China’s political elite remain extremely wary of dissidents, and so continue to crack-down with arguably disproportionate force onto them. In 2010, internationally renown writer and thinker Liu Xiaobo was awarded the Nobel Peace Prize even as he served a sentence a prison sentence for his works that “subverted state-power”. His calls for expansion of human rights and political freedoms had no place in the Party’s vision for China, and so he and many activists like him continue to face persecution and suffering for expressing anti-government sentiment. Activists face imprisonment, beatings and having their financial assets confiscated.
To mark the anniversary of the Tiananmen Square massacre, bloggers showed that perhaps the monolith that is the state could not control people’s thoughts thanks to the proliferation of the internet and micro-blogs. Popular social media platform “Weibo” hosted a number of tributes to the massacre as users risked imprisonment by posting imitations of the face-off. Authorities have banned a long list of search terms that might feed dissent or recognise the events of June 4th.
On the internet at least, there is a feeling that the censorship has in fact backfired. Beijing based activist Hu Jia told the Associated Press that “thanks to the roll of Weibo, there are now more people than any other time in the past 27 years that have come to know and think about the incident. He asked that bloggers show their remembrance by lighting a candle or wearing black on the day. Chinese censors have responded by banning any candle emoticons.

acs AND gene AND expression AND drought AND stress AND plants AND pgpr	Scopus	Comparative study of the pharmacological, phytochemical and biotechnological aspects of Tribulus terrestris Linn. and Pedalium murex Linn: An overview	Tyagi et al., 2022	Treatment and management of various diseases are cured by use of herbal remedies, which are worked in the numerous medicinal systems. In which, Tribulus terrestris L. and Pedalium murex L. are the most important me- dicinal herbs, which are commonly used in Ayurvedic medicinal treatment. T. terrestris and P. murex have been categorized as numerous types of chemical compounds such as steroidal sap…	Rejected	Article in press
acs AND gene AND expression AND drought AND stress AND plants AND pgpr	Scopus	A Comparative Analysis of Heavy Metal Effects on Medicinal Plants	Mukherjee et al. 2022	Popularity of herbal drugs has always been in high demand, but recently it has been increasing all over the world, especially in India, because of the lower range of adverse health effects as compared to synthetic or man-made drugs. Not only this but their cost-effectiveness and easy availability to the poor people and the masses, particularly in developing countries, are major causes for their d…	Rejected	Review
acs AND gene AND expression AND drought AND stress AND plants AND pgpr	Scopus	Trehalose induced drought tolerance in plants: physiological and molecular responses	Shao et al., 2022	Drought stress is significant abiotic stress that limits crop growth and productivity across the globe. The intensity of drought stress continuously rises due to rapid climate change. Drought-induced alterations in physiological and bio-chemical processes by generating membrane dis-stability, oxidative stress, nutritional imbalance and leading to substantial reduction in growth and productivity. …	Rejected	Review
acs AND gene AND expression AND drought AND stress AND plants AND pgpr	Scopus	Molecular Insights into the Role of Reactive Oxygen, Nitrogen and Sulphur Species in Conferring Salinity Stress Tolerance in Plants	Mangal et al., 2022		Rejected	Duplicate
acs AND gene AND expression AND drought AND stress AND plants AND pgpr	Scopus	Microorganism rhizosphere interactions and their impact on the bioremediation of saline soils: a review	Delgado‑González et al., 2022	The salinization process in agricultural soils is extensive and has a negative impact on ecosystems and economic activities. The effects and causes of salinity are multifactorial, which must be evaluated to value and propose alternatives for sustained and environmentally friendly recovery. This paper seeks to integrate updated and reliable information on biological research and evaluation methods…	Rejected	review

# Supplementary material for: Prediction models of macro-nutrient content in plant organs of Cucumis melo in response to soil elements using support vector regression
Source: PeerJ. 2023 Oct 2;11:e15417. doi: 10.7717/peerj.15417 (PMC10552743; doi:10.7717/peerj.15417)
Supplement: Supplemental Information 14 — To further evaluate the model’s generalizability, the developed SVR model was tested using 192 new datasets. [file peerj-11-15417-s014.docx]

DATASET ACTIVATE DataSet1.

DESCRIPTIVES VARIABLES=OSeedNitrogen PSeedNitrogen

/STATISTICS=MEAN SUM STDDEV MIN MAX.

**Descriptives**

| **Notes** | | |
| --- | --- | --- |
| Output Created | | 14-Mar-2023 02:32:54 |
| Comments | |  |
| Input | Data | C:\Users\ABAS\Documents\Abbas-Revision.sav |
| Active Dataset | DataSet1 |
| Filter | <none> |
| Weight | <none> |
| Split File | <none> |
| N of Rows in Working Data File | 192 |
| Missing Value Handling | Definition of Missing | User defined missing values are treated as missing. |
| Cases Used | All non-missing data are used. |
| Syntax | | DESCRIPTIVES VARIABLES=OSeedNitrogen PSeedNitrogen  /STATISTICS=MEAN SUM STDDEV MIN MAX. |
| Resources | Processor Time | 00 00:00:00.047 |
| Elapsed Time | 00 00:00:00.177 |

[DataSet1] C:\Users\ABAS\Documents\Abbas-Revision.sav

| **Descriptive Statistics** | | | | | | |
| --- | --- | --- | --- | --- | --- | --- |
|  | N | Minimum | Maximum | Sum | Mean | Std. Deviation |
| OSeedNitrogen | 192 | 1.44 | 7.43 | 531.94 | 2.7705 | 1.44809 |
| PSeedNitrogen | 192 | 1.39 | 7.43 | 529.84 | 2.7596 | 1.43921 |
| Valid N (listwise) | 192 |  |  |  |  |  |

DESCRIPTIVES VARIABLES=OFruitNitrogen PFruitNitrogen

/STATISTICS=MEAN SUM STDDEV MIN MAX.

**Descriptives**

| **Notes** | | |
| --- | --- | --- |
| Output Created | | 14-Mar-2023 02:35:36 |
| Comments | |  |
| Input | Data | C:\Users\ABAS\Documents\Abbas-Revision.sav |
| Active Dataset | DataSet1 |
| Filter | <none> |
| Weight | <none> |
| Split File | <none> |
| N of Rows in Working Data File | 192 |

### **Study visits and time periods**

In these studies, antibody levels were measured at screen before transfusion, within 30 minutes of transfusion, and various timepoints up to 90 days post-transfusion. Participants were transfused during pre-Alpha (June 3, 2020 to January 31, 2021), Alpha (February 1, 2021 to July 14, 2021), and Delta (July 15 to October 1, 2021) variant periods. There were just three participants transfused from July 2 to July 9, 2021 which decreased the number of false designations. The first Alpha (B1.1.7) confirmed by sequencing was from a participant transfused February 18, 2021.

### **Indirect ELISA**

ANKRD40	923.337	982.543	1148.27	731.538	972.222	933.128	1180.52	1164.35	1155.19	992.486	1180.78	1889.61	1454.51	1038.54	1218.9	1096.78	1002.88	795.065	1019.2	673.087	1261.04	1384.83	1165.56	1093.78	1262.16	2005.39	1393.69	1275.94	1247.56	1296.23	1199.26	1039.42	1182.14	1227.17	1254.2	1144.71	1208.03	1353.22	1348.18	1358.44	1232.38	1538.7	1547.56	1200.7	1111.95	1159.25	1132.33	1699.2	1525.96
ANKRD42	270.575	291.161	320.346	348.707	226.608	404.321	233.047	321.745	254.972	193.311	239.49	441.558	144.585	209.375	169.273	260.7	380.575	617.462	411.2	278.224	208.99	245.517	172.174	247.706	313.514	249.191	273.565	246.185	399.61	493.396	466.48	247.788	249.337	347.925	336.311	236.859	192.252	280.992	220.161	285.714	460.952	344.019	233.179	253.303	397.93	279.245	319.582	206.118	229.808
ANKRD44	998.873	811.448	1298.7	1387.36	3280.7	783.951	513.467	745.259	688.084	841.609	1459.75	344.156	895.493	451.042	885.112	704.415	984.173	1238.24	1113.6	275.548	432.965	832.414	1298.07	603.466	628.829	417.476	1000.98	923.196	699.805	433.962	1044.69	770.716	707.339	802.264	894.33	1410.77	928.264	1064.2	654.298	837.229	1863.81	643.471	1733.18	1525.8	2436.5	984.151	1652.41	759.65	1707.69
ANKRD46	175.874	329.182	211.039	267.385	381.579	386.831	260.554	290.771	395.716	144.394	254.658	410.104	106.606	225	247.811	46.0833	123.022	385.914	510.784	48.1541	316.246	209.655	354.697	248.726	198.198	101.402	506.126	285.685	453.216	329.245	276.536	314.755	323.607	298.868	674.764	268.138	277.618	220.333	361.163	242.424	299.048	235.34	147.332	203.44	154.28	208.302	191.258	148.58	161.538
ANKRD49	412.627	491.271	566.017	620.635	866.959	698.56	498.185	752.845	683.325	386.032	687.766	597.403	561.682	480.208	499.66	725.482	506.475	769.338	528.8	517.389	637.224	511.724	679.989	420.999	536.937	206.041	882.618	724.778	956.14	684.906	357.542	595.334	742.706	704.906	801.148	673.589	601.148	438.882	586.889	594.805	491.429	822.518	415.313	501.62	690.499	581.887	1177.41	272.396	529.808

Lest We Forget
In Hong Kong and Macau, the self-governing regions of China, vigils in memory of the dead are expected to attract more than 100,000 people, many who will be coming from mainland China. The anti-Beijing sentiment of the Hong-Kong organizers is under fire for choosing the slogan “loving the country, loving the people: Hong Kong Spirit” was deemed too patriotic.
As the international community, it is then our responsibility to remember even if the Chinese populace is forbidden to. There will come a day in China’s near future when the country will have to confront the realities of our globalized world. It would be a tragedy, then, to not just allow the country to have learned the wrong lessons from 1989, but to forget the real ones ourselves.